From the horrors of gym class, to sneaking out at night, to getting mixed up in inter-school fights, to teen drama and complicated love affairs, to going against the popular grain, to challenging the establishment, to exploring the secret tunnels beneath the school, to joining the football team and getting severely pummeled, to sneaking into a dance dressed in drag, to escaping from detention, to jocks becoming nerds and nerds becoming jocks, to crawling through the halls like elephants, to taking on otherworldly beings and having metaphysical adventures, this book very much happened. I think my high school friends will especially appreciate it, as … well … they were there too. And for the rest of my peers, they’ll finally find answers to the often-asked question: “Why is Steve so weird?”
Earlier this year, I was invited to visit Amelia Earhart Elementary in Provo, where I read the final few chapters of the book to several sixth grade classes who had been reading it. It was fun to hear them gasp when things got scary and cheer when the good guys prevailed. More than one of the students exclaimed, “This book needs to be a movie!” I also read it to my daughters, and every time I finished a chapter, they begged me for just one more. Thus I think young readers will enjoy Gideon Versus the Gods of Cool.
In its self-published form, the book has been temporarily available on Amazon, though I’ll soon be taking it down. So if you want to snag a copy of the first edition (whether in print or eBook form), you’d better do so quickly. You can also order signed copies from me.
Just for fun, here’s an excerpt:
First there’s the familiar shame of being late in front of the entire team. Then there’s the agony of running, the taunts of teammates, the pointless slaps, the cruel calisthenics. The autumn air turns cold and sharp, and time slows down as never before.
Finally the warm-ups end, and the armored players line up head-to-head. A whistle blows, and the violence begins. Gideon slips away to the sidelines, but his sweet catharsis doesn’t last. Coach McPherson says, “Pay attention to the plays, because soon you’ll be tested.”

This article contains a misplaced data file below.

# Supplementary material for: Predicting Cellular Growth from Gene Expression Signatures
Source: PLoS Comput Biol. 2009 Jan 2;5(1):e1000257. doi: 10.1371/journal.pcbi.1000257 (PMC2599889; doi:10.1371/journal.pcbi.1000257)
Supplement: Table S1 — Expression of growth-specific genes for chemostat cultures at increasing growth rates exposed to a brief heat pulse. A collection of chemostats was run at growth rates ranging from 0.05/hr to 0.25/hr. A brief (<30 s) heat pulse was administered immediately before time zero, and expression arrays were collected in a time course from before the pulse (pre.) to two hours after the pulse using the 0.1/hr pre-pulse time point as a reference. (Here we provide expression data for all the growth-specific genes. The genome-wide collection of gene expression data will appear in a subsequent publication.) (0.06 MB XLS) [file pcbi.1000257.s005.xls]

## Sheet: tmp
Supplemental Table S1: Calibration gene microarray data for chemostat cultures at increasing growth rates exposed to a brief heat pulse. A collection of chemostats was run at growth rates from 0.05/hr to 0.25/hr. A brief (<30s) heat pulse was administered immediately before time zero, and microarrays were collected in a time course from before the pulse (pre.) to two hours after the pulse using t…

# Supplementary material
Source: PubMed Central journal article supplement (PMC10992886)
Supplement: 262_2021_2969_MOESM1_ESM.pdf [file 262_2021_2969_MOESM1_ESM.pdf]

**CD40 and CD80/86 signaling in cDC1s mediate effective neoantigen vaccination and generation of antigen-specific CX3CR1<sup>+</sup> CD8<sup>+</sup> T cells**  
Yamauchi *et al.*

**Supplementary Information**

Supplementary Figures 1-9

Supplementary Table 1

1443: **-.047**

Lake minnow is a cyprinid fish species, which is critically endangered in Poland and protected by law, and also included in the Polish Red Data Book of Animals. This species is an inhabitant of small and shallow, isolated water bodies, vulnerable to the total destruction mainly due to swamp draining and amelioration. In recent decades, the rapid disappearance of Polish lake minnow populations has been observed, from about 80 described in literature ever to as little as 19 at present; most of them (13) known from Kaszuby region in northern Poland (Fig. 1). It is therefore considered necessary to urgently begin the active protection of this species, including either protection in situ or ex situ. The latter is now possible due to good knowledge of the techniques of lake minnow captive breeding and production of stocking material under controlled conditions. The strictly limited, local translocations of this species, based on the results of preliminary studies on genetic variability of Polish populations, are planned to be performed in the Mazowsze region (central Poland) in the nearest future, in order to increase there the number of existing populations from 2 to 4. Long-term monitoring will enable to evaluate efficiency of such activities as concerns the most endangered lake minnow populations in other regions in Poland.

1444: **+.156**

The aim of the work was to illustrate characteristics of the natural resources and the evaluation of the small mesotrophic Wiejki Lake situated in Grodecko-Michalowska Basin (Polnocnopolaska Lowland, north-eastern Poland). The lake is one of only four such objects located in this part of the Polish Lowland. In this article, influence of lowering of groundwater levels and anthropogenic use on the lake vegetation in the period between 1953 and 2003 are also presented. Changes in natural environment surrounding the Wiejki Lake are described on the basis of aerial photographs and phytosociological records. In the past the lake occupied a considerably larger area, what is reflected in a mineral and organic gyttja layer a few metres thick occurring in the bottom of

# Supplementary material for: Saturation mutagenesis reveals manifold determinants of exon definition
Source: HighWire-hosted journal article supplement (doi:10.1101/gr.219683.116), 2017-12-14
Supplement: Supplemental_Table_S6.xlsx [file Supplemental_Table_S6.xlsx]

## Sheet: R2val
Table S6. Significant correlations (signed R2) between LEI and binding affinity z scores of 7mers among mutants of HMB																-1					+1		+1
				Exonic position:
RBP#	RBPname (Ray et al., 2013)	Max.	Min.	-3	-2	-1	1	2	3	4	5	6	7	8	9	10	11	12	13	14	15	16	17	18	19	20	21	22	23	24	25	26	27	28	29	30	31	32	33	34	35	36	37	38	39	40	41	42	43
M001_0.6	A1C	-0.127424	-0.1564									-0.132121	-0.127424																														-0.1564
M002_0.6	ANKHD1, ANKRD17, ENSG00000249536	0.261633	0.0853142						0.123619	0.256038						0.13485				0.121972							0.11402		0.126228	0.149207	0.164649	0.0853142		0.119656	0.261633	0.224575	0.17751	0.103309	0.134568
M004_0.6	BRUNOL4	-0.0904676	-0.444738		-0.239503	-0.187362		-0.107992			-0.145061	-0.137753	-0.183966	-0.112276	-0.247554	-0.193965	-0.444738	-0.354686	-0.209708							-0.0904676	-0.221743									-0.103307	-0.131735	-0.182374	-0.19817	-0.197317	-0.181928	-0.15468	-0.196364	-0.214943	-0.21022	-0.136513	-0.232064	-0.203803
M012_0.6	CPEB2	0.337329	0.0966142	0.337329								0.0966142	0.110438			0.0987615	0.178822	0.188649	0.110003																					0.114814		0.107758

Gideon tries to take mental notes as the quarterback, Doug Rock, shouts strings of seemingly random words. “Blue, forty-two, check, check, set-hut!” What could it mean? He watches the players assume strange, three-legged positions. Then Doug shouts more nonsense – “slant route,” “six-eighty-six,” “left lover boy” – and the players assume new positions. Gideon tries to memorize the complex geometry of this men’s ballet, but it’s information overload. What’s the difference between the “Quick Ace” and the “Green Eighty”? How is a “Reversed Forward Pass” even possible? It would help if he knew the difference between a linebacker and a nose guard. It all hurts his brain, and he thought football was for dumb brutes!
At last, Coach McPherson blows three long whistles. Practice is over. The assistant coach gathers the team for another boring speech. Then there’s the druidic circle of team spirit. “Go cowboys!” When the rituals are over, Gideon’s mind tells him to run, but for some reason he lingers. As the guys disperse and chat among themselves, Gideon finds himself walking around, pretending he’s looking for something. Why? Could he actually be feeling a sense of camaraderie with these guys?
Deep within, he feels a glowing ember of something he’s long-suppressed: masculinity. While he, of course, is above the society of jocks, if, out of necessity, he were to lower his standards and find a companion with whom to share his misery, this whole ordeal might be more tolerable. There is that guy, Bula, who seemed friendly enough, but then, Bula probably gives his welcome spiel to every new team member. If Gideon is going to make a real friend – or as close to a real friend as one could have with a jock – he’ll have to do it the jock way: by proving his manly prowess.